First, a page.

JV Boards have a lot to do – and actively managing non-Board committees should not be one of them. But JV Boards do have a responsibility for ensuring the integrity of the overall governance system, which includes having an up-to-date understanding of committees and working groups.
How do Boards keep tabs on – and when needed restructure – committees? It starts
with some probing questions and, depending on the answers, may flip into a more
Probing questions. At a minimum, Board members should periodically ask some basic questions about committee set up and activities, including:
- Do we really know how many committees and working teams there are today, and how many people are spending how much time?
- To whom is each committee accountable – the Board, the CEO, or somewhere (dangerously) between the two?
- What exactly are these committees expected to do – provide added assurance to the Board, help management to succeed, or do something else? How is each committee doing relative to its fundamental objectives?1
- Do we have a good sense for how much – and what types of – information and other requests each of these committees is asking management to give them, and whether these requests are necessary?
- While these committees may not have any formal decision making authority, do they have informal authority – for instance, because the Board expects the committee’s “endorsement” prior to it reviewing certain management proposals?
- Do all committees still need to exist – or are there different mechanisms (e.g., audits, peer reviews, secondees, informal peer networks, asset managers) which would better fulfill the shareholders’ goals? What would happen if we disbanded certain committees – would we really lose some needed level of transparency, expertise, and the like?
Natural Resource JV: As part of its Annual Shareholder Audit, the Board of a large downstream oil JV periodically includes an evaluation of its half-dozen or so non-board committees – operations, technical, commercial, finance, government and regulatory affairs, etc. When the Board first commissioned this analysis a few years ago, it found significant variance in how the committees were meeting basic performance and process expectations (Exhibit 1). This analysis led to a fact-based discussion and a decision to “clean-up” the committees, including combining certain committees (e.g., operations and technical), discontinuing others (e.g., commercial and government affairs), and ensuring that the remaining groups had clearer mandates, greater clarity on their roles and pre-approval powers, and a direct line to the Board, via either participation of Board members on the committees, or regular reporting from the Committee Chair and JV President on the group’s activities.
The analysis also opened the Board’s eyes to a broader realization: that the shareholders had “bad governance posture.” As one Board member noted afterwards: “We were excessively invasive. Several of those committees saw their role as operating a parallel structure to management – but without any accountability. This was not only wasting shareholder resources – but also creating a drain on management, who had to deal with all sorts of data and information requests.”
Global Financial Services JV: A prominent new financial services JV aimed at creating a new product and technology platform for its owners recently agreed to bring in three new equity owners, increasing its owner group to almost a dozen. In light of the venture’s growing size and complexity, the Lead Directors from each owner sponsored a review of the governance and organization, including a look at the non-Board committees and working teams.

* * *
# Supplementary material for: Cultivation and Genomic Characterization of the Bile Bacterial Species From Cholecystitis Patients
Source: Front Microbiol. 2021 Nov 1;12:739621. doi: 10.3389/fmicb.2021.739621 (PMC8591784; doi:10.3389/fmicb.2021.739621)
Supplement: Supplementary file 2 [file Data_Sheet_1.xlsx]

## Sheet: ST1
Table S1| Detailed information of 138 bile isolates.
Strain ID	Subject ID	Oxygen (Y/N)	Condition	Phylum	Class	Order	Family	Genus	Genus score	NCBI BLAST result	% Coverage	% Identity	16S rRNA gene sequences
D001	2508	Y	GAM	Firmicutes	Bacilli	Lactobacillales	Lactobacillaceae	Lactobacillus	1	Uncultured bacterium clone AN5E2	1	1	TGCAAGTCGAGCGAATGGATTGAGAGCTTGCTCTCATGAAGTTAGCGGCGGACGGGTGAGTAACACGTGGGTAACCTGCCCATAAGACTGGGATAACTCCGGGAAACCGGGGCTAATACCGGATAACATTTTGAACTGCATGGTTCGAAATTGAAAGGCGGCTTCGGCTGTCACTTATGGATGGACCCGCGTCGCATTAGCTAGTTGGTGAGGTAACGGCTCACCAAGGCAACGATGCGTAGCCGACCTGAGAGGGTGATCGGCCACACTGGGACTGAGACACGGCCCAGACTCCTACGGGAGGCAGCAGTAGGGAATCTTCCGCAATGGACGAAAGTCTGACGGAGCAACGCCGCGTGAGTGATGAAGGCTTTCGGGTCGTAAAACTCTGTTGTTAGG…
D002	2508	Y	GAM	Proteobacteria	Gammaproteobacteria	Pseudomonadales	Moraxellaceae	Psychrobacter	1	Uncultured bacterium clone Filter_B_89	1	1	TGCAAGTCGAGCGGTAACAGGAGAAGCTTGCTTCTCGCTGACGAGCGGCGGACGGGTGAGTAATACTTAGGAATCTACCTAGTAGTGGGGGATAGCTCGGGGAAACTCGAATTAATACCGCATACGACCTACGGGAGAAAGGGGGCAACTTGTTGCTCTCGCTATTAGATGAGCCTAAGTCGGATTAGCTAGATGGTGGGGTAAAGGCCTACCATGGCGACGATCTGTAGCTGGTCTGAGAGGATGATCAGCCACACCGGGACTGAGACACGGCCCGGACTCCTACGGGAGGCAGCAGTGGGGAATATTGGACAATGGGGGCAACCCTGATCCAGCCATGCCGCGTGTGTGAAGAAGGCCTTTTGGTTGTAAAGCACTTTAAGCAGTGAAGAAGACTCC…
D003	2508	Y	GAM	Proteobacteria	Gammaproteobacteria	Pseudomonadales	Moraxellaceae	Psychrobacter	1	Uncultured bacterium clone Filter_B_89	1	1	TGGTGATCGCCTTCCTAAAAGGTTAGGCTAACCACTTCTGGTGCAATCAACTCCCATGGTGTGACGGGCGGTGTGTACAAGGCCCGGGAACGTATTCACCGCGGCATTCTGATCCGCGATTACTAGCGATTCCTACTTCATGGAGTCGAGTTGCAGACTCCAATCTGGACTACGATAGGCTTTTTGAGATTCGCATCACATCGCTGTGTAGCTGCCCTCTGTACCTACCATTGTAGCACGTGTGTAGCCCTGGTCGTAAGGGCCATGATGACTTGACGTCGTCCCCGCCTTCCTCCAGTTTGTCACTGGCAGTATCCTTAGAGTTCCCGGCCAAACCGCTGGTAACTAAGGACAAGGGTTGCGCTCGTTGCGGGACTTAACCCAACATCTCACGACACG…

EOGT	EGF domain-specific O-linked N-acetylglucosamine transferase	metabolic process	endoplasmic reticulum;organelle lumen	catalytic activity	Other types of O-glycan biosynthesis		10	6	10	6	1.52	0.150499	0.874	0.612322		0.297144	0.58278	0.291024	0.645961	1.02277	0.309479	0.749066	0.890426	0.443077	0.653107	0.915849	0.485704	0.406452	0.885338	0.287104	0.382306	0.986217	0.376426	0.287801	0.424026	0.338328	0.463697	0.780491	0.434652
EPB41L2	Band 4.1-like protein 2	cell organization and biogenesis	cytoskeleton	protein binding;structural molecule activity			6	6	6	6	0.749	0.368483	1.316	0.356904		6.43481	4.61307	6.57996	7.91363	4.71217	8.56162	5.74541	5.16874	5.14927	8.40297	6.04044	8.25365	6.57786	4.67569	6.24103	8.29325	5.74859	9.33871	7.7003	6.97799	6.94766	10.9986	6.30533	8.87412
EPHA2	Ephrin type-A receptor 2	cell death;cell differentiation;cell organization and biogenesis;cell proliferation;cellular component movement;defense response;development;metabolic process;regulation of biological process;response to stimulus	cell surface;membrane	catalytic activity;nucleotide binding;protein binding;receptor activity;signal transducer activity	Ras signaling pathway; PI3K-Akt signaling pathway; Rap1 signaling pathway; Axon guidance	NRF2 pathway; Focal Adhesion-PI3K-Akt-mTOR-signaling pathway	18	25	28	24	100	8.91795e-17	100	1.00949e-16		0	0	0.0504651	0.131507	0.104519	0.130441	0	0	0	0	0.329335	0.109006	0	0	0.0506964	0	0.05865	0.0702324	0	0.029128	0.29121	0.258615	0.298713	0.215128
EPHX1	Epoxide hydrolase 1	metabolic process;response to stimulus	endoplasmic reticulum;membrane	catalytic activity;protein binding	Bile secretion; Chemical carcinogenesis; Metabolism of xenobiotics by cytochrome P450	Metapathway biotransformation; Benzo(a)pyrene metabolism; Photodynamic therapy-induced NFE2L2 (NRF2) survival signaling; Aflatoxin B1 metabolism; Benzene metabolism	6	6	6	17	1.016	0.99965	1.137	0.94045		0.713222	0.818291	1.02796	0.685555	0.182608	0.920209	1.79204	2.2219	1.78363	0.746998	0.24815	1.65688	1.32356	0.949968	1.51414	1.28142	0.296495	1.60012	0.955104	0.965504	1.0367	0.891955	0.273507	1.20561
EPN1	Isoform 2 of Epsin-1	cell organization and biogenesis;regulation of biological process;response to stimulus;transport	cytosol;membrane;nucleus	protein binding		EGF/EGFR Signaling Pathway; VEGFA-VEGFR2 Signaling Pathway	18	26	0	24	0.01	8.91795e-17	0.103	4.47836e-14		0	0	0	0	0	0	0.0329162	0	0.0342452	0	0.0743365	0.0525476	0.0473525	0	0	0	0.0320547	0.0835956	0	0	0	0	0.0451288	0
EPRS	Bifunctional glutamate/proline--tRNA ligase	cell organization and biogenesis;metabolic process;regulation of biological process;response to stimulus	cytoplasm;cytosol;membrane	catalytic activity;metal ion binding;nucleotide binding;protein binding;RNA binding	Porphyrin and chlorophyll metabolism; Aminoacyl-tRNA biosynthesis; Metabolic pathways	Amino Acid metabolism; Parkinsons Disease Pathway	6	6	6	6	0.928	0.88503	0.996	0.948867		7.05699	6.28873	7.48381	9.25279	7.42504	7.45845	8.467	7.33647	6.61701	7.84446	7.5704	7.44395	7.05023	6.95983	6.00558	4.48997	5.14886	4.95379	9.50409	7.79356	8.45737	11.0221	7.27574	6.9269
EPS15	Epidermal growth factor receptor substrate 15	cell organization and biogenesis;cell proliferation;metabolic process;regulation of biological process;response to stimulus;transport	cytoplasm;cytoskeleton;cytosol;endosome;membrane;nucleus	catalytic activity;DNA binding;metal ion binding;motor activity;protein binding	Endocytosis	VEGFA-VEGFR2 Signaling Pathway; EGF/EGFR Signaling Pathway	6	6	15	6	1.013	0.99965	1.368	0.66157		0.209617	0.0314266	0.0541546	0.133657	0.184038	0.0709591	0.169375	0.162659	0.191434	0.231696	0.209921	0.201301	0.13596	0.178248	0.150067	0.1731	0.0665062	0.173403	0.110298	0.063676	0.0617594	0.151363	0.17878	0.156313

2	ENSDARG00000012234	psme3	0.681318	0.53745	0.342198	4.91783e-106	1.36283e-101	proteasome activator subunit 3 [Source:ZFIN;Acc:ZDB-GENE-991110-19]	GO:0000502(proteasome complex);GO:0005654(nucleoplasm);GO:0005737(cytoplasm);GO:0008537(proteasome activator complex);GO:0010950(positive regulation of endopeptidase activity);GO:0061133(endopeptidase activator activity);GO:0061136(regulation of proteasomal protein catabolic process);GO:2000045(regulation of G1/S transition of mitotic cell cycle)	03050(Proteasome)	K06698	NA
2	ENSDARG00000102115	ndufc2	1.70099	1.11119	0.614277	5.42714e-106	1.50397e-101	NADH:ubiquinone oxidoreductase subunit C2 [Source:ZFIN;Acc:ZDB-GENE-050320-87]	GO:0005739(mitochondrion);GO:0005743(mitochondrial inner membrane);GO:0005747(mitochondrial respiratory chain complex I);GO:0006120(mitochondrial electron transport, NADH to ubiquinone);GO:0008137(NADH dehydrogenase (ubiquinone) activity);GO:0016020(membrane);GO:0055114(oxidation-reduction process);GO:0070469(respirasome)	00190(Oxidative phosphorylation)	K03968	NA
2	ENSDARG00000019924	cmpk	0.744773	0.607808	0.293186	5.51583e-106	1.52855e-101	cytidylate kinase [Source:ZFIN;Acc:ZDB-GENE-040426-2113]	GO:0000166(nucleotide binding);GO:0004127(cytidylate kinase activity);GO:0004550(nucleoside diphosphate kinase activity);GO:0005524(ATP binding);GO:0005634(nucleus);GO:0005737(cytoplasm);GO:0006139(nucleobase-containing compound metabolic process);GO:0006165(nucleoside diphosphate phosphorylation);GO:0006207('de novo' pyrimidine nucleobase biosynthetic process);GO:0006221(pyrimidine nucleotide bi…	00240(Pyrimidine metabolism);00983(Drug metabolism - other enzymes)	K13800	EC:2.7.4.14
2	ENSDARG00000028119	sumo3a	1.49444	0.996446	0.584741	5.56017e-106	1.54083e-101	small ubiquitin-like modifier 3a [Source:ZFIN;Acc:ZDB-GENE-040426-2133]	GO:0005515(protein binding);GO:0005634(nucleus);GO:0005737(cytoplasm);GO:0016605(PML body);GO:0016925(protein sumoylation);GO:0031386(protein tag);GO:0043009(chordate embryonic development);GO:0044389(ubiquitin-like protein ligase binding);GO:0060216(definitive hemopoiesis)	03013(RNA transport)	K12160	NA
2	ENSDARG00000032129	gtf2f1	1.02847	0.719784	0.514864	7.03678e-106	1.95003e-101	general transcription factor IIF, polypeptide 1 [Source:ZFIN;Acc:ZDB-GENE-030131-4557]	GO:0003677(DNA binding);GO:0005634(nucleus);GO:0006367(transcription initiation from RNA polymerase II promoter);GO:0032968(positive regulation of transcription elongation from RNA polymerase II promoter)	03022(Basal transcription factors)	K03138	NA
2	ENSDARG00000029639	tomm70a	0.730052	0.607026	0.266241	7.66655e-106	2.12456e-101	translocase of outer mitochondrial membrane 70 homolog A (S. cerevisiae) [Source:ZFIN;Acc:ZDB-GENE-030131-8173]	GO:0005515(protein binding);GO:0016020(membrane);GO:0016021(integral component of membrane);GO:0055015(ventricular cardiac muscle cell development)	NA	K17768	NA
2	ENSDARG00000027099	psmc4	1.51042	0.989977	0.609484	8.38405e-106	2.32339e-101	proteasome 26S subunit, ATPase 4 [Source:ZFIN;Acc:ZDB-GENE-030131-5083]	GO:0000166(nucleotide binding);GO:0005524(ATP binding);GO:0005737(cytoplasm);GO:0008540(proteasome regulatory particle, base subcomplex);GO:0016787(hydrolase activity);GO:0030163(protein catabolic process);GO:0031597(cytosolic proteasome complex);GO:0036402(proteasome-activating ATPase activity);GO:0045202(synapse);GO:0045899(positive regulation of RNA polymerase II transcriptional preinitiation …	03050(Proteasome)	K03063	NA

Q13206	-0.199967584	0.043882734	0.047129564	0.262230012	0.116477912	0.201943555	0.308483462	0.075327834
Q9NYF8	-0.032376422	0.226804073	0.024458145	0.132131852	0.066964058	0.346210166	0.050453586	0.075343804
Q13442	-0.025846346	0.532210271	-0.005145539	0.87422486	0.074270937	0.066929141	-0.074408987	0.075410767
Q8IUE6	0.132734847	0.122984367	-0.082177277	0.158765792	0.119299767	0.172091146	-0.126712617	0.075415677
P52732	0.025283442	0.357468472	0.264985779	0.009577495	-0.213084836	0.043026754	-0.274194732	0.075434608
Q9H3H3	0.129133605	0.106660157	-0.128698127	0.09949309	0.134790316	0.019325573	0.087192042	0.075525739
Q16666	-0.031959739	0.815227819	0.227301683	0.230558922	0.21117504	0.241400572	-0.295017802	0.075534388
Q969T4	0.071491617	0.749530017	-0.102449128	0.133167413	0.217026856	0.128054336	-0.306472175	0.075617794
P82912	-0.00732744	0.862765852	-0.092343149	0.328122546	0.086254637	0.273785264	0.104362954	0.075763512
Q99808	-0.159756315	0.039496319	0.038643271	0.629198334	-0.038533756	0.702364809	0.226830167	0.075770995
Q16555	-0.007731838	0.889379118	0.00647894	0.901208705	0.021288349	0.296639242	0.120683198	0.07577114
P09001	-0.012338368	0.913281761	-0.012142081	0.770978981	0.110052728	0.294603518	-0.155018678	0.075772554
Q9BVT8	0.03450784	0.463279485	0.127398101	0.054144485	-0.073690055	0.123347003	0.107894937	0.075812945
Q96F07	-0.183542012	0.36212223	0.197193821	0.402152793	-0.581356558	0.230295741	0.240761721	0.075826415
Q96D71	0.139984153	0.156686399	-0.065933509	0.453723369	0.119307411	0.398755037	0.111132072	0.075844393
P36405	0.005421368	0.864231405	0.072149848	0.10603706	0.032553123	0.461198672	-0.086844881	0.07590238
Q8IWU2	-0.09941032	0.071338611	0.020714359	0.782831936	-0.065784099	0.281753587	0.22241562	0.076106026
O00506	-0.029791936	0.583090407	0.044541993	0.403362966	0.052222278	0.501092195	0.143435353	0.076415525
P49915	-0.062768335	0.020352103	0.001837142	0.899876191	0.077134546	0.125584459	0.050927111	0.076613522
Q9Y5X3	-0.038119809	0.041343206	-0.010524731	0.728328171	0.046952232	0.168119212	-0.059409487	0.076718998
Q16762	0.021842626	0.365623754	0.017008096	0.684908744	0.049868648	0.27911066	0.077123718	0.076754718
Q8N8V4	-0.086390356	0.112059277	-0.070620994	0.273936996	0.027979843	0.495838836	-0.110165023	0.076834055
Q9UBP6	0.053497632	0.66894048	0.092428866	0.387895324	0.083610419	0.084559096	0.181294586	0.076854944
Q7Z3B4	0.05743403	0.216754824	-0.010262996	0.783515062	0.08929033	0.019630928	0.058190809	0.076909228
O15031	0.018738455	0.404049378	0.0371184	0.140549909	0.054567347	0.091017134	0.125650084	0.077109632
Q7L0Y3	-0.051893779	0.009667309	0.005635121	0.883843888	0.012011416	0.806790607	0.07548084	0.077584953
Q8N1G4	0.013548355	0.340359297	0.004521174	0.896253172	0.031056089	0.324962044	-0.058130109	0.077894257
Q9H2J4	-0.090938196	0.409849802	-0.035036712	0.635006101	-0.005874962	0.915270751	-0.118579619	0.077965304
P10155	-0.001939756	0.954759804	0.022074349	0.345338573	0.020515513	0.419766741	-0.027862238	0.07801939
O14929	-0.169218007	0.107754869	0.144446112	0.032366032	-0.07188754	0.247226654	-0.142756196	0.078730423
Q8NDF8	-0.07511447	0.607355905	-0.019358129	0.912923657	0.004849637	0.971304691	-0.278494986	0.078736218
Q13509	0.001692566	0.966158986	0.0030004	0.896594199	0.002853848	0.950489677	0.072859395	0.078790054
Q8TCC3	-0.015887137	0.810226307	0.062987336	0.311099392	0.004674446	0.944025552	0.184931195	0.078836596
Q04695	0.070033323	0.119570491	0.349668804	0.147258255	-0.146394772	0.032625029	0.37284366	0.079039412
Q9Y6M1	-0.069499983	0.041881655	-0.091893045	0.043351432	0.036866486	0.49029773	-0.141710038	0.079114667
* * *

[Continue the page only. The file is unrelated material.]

The results were eye-opening. In what was an admittedly extreme case, it turned out that more than 400 people across the 8 shareholders were involved in 10 different working teams (Exhibit 2). A typical working team member was spending 10-30% of his or her time on “committee work” – although almost none had any individual objectives or accountability related to their participation. “In other words,” noted one of the directors, “we had a plane load of ‘joint venture tourists’ who were flying all over the place to meet and talk, but were not on the hook for anything.”
Beyond sheer numbers, the Board also discovered that most of the committees had no consistent track record of impact. Based on interviews, an online survey, and other analysis performed by their alliance managers, the Lead Directors recommended a wholesale restructuring of committee configuration, reporting, and expectations of individual committee members. This included terminating certain committees, reclassifying others into temporary task-forces or peer networks, and setting certain minimum expectations of committee Chairs and members (e.g., that Chairs would be at least 25% dedicated and would have their role of committee Chair evaluated by the Board and their owner company).
Over the years at Water Street Partners and McKinsey & Co, we’ve worked with hundreds of JVs around the world. We’ve discovered that addressing issues related to committees can be an important lever in improving JV performance and underlying health – especially decision making speed, accountability, and alignment. In many cases, cleaning up committees can fundamentally change the level of enthusiasm that management brings to the job.
Based on this experience, we’ve arrived at some hard-learned lessons about how to structure and manage committees. We would urge companies to consider these ideas when reviewing existing JVs, or negotiating and structuring a new JV. For new JVs, some of these concepts deserve to be embedded directly into terms in the JV Operating Agreement; others might be included in Day One Board Mandates. For existing JVs, these might form the basis for a section within a set of Guiding Principles.2
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